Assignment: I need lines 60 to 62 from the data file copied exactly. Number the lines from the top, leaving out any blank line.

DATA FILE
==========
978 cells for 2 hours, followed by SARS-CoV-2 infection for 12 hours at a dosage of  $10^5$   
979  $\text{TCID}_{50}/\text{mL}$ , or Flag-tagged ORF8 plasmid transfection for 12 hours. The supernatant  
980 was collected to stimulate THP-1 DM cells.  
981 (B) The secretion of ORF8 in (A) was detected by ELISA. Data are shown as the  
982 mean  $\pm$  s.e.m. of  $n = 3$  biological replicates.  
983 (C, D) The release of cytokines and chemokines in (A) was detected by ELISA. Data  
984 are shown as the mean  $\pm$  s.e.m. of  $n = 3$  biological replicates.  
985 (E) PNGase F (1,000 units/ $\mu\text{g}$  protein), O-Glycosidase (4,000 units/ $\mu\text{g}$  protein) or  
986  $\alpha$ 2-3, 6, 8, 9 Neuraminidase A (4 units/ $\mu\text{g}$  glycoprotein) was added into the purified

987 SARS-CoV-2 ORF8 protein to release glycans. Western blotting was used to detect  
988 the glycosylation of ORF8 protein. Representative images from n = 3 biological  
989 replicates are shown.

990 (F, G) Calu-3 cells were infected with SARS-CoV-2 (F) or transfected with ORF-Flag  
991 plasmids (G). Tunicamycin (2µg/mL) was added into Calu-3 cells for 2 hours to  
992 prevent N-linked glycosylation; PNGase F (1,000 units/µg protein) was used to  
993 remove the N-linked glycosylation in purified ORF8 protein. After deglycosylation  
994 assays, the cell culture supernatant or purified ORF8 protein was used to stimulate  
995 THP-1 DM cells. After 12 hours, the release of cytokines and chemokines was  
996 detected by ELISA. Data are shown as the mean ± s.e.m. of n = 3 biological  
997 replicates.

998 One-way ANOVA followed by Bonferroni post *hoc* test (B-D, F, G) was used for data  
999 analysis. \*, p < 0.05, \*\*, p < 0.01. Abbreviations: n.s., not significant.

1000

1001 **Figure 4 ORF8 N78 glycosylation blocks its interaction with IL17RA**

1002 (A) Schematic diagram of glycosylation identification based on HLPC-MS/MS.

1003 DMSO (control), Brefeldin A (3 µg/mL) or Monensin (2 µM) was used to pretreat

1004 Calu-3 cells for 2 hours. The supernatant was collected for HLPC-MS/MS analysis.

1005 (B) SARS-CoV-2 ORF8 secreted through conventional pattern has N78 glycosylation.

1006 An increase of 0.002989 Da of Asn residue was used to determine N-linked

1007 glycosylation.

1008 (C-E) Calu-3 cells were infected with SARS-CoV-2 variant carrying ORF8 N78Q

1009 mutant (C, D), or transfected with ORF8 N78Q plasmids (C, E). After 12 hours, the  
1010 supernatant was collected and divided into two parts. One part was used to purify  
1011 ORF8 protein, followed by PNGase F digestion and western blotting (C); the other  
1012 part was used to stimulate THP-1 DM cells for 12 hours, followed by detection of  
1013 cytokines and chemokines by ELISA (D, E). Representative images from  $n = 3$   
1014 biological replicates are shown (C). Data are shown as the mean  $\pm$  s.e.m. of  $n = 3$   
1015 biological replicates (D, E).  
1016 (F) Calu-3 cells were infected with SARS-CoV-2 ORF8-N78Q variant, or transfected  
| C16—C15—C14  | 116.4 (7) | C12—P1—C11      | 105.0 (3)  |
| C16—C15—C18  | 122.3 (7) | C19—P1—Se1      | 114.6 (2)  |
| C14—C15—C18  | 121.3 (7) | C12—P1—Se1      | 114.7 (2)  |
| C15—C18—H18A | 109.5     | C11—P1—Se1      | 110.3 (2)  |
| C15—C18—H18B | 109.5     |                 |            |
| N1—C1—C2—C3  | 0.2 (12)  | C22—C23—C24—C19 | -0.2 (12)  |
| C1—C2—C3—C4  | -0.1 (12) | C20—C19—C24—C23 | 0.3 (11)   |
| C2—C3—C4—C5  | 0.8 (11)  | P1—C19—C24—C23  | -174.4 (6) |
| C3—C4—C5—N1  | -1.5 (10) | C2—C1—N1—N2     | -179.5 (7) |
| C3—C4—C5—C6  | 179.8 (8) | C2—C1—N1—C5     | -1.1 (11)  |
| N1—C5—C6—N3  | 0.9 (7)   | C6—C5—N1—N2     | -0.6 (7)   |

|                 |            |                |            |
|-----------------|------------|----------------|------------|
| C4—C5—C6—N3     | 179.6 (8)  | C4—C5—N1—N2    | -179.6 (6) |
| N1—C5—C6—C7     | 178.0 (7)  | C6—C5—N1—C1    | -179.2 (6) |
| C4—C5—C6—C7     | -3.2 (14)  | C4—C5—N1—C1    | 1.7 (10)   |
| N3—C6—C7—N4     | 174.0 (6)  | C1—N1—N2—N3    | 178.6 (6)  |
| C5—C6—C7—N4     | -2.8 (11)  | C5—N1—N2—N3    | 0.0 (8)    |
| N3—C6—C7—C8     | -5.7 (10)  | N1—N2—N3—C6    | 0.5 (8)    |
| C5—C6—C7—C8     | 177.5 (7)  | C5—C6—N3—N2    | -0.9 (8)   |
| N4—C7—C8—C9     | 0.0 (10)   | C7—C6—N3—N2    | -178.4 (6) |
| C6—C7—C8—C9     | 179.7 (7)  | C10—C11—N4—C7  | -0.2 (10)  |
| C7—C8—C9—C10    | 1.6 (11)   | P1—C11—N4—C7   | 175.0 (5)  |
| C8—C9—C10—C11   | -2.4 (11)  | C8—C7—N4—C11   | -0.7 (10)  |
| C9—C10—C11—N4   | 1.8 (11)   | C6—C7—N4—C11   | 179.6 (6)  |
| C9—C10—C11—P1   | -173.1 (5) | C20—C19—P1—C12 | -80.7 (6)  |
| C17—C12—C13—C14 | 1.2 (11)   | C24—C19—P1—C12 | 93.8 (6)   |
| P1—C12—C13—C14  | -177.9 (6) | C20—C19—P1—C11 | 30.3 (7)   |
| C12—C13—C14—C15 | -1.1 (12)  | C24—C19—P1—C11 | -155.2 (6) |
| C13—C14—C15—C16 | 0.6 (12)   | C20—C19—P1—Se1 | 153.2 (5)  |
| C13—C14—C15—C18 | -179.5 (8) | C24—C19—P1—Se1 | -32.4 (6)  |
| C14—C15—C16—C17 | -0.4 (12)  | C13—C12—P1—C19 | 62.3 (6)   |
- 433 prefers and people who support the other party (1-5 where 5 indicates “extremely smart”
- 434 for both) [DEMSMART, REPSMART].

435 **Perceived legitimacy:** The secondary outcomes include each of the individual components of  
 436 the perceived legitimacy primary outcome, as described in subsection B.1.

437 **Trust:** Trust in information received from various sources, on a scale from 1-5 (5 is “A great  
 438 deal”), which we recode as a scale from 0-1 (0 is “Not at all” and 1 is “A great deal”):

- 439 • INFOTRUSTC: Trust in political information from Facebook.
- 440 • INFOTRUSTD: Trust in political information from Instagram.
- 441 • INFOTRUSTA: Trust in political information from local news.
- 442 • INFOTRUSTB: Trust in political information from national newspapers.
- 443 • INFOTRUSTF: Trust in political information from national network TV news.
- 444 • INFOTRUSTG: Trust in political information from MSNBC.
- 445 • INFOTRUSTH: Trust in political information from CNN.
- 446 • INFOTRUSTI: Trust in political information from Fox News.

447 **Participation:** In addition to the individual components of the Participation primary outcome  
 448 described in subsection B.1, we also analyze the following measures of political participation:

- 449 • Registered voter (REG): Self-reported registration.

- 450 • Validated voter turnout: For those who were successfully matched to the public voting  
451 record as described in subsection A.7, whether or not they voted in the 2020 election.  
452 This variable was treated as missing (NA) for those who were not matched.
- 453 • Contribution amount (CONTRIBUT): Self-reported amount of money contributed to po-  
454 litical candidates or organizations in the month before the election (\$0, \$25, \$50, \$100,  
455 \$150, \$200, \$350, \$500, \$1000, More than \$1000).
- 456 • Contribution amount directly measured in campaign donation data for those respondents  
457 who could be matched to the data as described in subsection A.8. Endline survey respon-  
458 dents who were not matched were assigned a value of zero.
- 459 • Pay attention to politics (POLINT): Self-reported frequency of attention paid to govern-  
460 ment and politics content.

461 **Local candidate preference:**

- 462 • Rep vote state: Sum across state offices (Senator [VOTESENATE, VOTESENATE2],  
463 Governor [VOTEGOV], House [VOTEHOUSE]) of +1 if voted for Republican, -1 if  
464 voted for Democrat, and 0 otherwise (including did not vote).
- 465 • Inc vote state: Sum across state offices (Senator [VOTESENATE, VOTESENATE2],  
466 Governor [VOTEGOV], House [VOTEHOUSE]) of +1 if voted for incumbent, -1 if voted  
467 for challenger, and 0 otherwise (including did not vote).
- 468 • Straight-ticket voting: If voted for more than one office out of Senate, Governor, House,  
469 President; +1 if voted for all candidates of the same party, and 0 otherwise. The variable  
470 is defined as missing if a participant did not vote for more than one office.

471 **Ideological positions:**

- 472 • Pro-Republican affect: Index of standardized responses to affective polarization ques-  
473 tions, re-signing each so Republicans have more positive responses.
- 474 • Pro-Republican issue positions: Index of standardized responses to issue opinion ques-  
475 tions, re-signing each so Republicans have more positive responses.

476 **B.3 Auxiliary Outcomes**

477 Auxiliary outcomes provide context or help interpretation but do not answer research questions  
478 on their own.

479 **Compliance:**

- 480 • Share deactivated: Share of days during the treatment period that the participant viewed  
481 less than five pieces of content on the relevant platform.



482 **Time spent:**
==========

| N4—C7—C8—C9     | 0.0 (10)   | C7—C6—N3—N2    | -178.4 (6) |
| C6—C7—C8—C9     | 179.7 (7)  | C10—C11—N4—C7  | -0.2 (10)  |
| C7—C8—C9—C10    | 1.6 (11)   | P1—C11—N4—C7   | 175.0 (5)  |